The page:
Twenty-First Century Fox Inc (NASDAQ: FOXA), a consumer discretionary company with a market capitalization of $72.6 billion, currently trades at a P/E multiple of 18.1x which is below the sector’s median multiple of 18.7x. Although this makes FOXA look attractive, investors may change their mind after reviewing the assumptions behind the P/E ratio. In the post below, I explain how to apply P/E multiples and what to watch out for.
How To Utilize Twenty-First Century Fox’s PE Multiples
A multiples valuation, also known as a comparable companies analysis, determines the value of a subject company by benchmarking the subject’s financial performance against companies deemed to be similar. We can then determine if a company is undervalued or overvalued relative to its peers by comparing metrics like growth, profit margin, and valuation multiples.
A P/E Ratio is a valuation metric that indicates the multiple of earnings investors are willing to pay for one share of a company:
P/E Ratio = Stock Price ÷ Earnings Per Share
The P/E ratio by itself is not very helpful at all. It is only useful when comparing it to other companies that are considered similar to the subject company. The basic idea is that companies with similar characteristics should trade at similar multiples, all other things being equal. Therefore, we can come to a conclusion about the stock if the ratios are different. In the chart below, I compare Twenty-First Century Fox’s P/E ratio to its peer group that includes Time Warner Inc. (NYSE: TWX), Walt Disney Company (The) (NYSE: DIS), CBS Corporation(NYSE: CBS.A) and Twenty-First Century Fox, Inc. (NASDAQ: FOX).
Since Twenty-First Century Fox’s P/E ratio of 18.1x is higher than the median of its peers (15.4x), it means that investors are paying more than they should for each dollar of FOXA’s earnings. As such, our analysis shows that FOXA represents an overvalued stock. Furthermore, finbox.io’s P/E Ratio Model calculates a fair value of approximately $35.50 per share which implies roughly 11.5% downside.
I selected a fair multiple of 16.0x in my analysis by averaging Twenty-First Century Fox’s current P/E ratio with its peer group.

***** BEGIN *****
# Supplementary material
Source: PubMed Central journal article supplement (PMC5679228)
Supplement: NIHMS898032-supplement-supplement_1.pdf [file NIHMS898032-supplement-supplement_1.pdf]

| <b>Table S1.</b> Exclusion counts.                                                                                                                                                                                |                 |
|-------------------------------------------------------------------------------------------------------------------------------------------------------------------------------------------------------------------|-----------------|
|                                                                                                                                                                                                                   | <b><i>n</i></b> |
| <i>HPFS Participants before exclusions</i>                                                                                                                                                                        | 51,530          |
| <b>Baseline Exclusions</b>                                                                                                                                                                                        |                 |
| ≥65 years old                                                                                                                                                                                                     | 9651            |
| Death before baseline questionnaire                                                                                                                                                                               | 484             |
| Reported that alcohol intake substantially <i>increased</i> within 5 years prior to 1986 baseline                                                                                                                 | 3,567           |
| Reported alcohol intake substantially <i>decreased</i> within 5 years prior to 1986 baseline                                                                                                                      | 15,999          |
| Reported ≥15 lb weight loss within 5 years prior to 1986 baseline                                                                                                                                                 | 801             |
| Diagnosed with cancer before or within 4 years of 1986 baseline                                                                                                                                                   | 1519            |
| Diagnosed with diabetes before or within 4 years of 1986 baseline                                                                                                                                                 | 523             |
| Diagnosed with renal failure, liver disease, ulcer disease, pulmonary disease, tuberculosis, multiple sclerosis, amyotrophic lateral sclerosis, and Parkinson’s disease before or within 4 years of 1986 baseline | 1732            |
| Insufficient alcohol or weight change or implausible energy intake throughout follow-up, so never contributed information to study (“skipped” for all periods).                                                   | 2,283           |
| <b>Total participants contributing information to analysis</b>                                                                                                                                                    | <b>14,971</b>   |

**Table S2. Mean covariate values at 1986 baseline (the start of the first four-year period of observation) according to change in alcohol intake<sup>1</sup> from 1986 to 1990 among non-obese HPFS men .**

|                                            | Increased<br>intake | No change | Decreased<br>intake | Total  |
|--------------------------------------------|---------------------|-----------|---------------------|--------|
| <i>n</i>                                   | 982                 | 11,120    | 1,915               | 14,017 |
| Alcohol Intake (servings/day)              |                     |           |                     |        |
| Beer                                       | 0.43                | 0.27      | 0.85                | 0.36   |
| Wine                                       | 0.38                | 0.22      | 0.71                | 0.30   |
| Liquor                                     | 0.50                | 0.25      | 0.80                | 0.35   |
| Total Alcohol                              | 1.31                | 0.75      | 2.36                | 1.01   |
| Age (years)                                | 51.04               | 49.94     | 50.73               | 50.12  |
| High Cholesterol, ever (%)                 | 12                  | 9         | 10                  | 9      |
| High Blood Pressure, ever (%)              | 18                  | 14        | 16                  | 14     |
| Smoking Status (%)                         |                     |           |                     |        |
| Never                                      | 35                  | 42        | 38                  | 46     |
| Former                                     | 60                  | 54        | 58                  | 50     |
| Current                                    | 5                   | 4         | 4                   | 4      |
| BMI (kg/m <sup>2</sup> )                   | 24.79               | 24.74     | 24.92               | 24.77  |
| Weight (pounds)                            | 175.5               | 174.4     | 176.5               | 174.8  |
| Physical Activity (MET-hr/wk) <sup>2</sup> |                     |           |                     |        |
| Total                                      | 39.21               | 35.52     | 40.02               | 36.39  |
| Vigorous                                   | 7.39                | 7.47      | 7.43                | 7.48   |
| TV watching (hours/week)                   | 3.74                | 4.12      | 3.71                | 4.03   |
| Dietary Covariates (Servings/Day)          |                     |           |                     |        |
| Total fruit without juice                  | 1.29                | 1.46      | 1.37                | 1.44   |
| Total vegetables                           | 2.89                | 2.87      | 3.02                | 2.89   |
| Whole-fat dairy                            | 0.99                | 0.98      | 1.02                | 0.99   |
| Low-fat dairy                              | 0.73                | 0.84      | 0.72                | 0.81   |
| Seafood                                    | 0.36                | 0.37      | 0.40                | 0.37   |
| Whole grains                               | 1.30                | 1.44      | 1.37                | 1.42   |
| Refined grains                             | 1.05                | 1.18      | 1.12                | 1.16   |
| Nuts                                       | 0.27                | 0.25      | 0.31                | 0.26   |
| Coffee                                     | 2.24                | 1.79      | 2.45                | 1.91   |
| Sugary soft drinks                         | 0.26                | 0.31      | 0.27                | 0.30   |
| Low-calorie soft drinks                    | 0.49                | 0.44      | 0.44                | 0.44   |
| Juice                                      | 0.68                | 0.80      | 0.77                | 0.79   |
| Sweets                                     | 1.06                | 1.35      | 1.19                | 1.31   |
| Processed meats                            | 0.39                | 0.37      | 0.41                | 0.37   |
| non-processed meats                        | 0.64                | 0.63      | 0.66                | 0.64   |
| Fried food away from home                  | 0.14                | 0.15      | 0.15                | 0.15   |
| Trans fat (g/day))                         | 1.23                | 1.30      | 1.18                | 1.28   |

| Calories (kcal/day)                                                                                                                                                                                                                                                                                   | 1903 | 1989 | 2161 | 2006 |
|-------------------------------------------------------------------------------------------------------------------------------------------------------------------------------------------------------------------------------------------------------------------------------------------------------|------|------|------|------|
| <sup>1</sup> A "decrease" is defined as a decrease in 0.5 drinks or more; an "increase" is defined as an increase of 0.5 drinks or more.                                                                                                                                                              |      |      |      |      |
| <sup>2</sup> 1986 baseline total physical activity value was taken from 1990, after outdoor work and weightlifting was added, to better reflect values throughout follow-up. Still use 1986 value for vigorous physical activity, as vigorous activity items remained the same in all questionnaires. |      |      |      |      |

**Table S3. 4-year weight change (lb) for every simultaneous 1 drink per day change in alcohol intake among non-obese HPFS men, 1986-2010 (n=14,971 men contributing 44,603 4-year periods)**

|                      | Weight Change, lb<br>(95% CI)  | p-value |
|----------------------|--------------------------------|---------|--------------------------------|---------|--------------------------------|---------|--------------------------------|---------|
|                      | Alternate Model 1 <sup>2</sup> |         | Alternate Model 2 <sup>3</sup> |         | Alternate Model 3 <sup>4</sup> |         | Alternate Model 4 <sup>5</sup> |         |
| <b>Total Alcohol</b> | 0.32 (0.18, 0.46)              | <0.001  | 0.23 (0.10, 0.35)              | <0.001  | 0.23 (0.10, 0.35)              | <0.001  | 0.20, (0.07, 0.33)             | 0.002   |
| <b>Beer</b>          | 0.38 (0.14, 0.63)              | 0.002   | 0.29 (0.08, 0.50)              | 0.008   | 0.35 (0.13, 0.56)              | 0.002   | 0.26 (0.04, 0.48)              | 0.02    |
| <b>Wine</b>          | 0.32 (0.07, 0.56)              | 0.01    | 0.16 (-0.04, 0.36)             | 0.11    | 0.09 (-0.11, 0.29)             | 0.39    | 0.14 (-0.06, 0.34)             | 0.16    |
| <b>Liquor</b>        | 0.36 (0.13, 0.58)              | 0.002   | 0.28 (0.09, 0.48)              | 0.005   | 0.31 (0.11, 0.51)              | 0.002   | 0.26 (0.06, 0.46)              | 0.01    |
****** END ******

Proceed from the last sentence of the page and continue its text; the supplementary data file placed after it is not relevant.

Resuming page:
The P/E Ratio’s Flaws
While this approach typically provides a reasonable valuation range, it is important to understand that our conclusion rests on some important assumptions. The first being that the selected peer group actually contains companies that truly are similar to Twenty-First Century Fox. The second important assumption is that the selected peer group stocks are being fairly valued by the market.
If the assumptions above do not hold to be true, then the difference in P/E ratios could be due to a variety of factors. For example, if you accidentally compare Twenty-First Century Fox with lower growth companies, then its P/E multiple would naturally be higher than its peers since investors reward high growth stocks with a higher price.
source: P/E model
On the other hand, if the second assumption does not hold true, Twenty-First Century Fox’s higher multiple may be because our selected comparable companies are being undervalued by the market.
What To Do Next
As a current investor, you may have already conducted fundamental analysis on the company and its stock so its current overvaluation could signal a potential selling opportunity to reduce your exposure to FOXA. But keep in mind the P/E ratio’s potential flaws when applying this valuation approach. It is important to note that there are a variety of other fundamental factors that I have not taken into consideration in this article. I highly recommend that you continue your research on Twenty-First Century Fox by taking a look at the following:
Valuation Metrics: how much upside do shares of Twenty-First Century Fox have based on Wall Street’s consensus price target? Take a look at our analyst upside data explorer that compares the company’s upside relative to its peers.
Risk Metrics: how is Twenty-First Century Fox’s financial health? Find out by viewing our financial leverage data metric which plots the dollars in total assets for each dollar of common equity over time.
Efficiency Metrics: is management becoming more or less efficient over time? Find out by analyzing the company’s asset turnover ratio which measures the dollars in revenue a company generates per dollar of assets.
As of this writing, I did not hold a position in any of the aforementioned securities and this is not a buy or sell recommendation on any security mentioned.